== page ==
The nickel price broke a 10-year high this week, at $US21,680 ($29,765) per tonne for the first time since September 2011 as reports of dwindling battery metal supplies worried investors.
The record followed the lows of 2020 after COVID-19 battered markets and the nickel price fell to around $11,200 per tonne in April that year.
However, with the demand for battery metals rising with the uptake of electric vehicles, analysts from leading investment bank Goldman Sachs suggest a nickel deficit of up to 30,000 tonnes could have an effect on prices in 2022.
Fitch Solutions recently forecast a slowdown in the battery metal’s prices to begin 2022 before a steady rise from 2023-2027.
“Ultimately, higher prices will be sustained by persistent annual production deficits,” Fitch stated.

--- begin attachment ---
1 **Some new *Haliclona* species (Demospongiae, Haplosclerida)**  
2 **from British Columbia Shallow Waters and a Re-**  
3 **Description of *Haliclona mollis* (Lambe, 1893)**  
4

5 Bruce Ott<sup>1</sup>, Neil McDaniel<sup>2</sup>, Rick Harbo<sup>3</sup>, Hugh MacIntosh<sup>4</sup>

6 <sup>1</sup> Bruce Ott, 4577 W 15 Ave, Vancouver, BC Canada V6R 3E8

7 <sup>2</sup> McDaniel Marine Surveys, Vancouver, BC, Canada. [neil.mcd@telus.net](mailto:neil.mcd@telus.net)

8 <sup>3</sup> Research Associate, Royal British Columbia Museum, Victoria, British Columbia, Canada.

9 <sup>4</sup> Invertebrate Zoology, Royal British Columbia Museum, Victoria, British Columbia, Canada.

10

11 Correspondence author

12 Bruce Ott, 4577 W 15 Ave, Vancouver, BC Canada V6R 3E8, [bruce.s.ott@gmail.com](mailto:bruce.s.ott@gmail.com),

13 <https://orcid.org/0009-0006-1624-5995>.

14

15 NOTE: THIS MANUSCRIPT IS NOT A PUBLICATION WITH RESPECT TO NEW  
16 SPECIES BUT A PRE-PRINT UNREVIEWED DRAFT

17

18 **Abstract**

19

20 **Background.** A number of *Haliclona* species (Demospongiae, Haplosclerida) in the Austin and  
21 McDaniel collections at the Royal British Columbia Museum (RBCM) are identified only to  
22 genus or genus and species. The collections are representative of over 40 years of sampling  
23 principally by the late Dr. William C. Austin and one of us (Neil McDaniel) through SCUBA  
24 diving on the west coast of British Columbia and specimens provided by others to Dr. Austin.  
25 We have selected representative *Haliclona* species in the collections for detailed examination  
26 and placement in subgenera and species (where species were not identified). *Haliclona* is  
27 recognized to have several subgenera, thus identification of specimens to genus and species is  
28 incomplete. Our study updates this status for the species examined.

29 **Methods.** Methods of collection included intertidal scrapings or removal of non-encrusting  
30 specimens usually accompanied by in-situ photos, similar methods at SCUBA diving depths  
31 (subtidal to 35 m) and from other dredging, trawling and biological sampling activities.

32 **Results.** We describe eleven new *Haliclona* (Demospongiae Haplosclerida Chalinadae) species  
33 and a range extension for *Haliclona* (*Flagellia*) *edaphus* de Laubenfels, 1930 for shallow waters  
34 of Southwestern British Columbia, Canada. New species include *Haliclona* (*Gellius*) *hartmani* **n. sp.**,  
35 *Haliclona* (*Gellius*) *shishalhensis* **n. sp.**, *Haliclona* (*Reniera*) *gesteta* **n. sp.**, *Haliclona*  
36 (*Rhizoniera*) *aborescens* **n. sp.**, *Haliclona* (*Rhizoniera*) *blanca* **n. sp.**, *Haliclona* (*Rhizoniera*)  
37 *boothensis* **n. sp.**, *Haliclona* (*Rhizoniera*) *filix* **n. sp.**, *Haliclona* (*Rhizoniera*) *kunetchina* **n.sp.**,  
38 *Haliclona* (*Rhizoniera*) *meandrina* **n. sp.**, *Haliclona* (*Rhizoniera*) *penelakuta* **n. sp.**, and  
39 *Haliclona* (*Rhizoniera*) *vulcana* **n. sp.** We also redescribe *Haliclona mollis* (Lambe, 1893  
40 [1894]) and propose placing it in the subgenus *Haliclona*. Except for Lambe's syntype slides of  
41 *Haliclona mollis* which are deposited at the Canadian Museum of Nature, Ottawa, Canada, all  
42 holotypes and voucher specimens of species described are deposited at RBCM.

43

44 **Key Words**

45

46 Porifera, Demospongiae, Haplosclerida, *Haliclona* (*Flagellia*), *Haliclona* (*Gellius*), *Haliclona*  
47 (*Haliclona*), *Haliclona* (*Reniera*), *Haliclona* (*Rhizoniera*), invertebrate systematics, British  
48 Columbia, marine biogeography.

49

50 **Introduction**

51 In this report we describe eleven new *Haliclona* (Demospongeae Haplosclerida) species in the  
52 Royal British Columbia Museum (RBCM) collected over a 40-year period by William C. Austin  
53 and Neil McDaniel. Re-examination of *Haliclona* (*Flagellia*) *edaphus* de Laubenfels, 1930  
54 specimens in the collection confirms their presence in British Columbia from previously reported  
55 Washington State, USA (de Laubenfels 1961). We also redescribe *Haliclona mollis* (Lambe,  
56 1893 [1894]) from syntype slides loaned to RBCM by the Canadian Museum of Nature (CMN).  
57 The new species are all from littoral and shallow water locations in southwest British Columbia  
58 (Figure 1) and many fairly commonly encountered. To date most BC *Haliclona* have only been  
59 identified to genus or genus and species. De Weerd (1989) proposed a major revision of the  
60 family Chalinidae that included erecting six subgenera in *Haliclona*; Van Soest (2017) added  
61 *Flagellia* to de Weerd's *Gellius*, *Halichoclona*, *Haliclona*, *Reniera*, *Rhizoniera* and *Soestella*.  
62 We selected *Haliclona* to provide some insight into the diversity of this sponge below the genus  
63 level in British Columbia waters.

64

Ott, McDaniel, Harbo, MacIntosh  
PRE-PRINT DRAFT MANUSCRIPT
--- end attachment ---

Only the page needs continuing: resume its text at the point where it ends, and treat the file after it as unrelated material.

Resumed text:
“Demand growth will be driven by expanding global battery production to supply the electric vehicle and utility storage industries over the coming years.”
Fitch also suggested stronger production growth will also be supported by technical advances in converting lower-grade Class 2 nickel ore into higher-grade Class 1 for use in the battery industry.
Alternatively in the long term, a shortage of Class 1, battery-grade nickel may encourage automakers to explore lithium-iron-phosphate (LFP) batteries for mass-market vehicles, which could negatively affect the nickel price.
In February 2021, Tesla chief executive officer Elon Musk said that nickel remains the firm’s biggest obstacle to successfully scaling lithium-ion cell production and has prompted Tesla to shift its standard range vehicles to contain LFP cathodes.
The firm also reached an agreement in March 2021 to source raw materials from the Goro nickel mine in New Caledonia for its batteries by serving as a technical and industrial partner.
This signifies the continuing preference for nickel-heavy batteries due to higher energy density properties.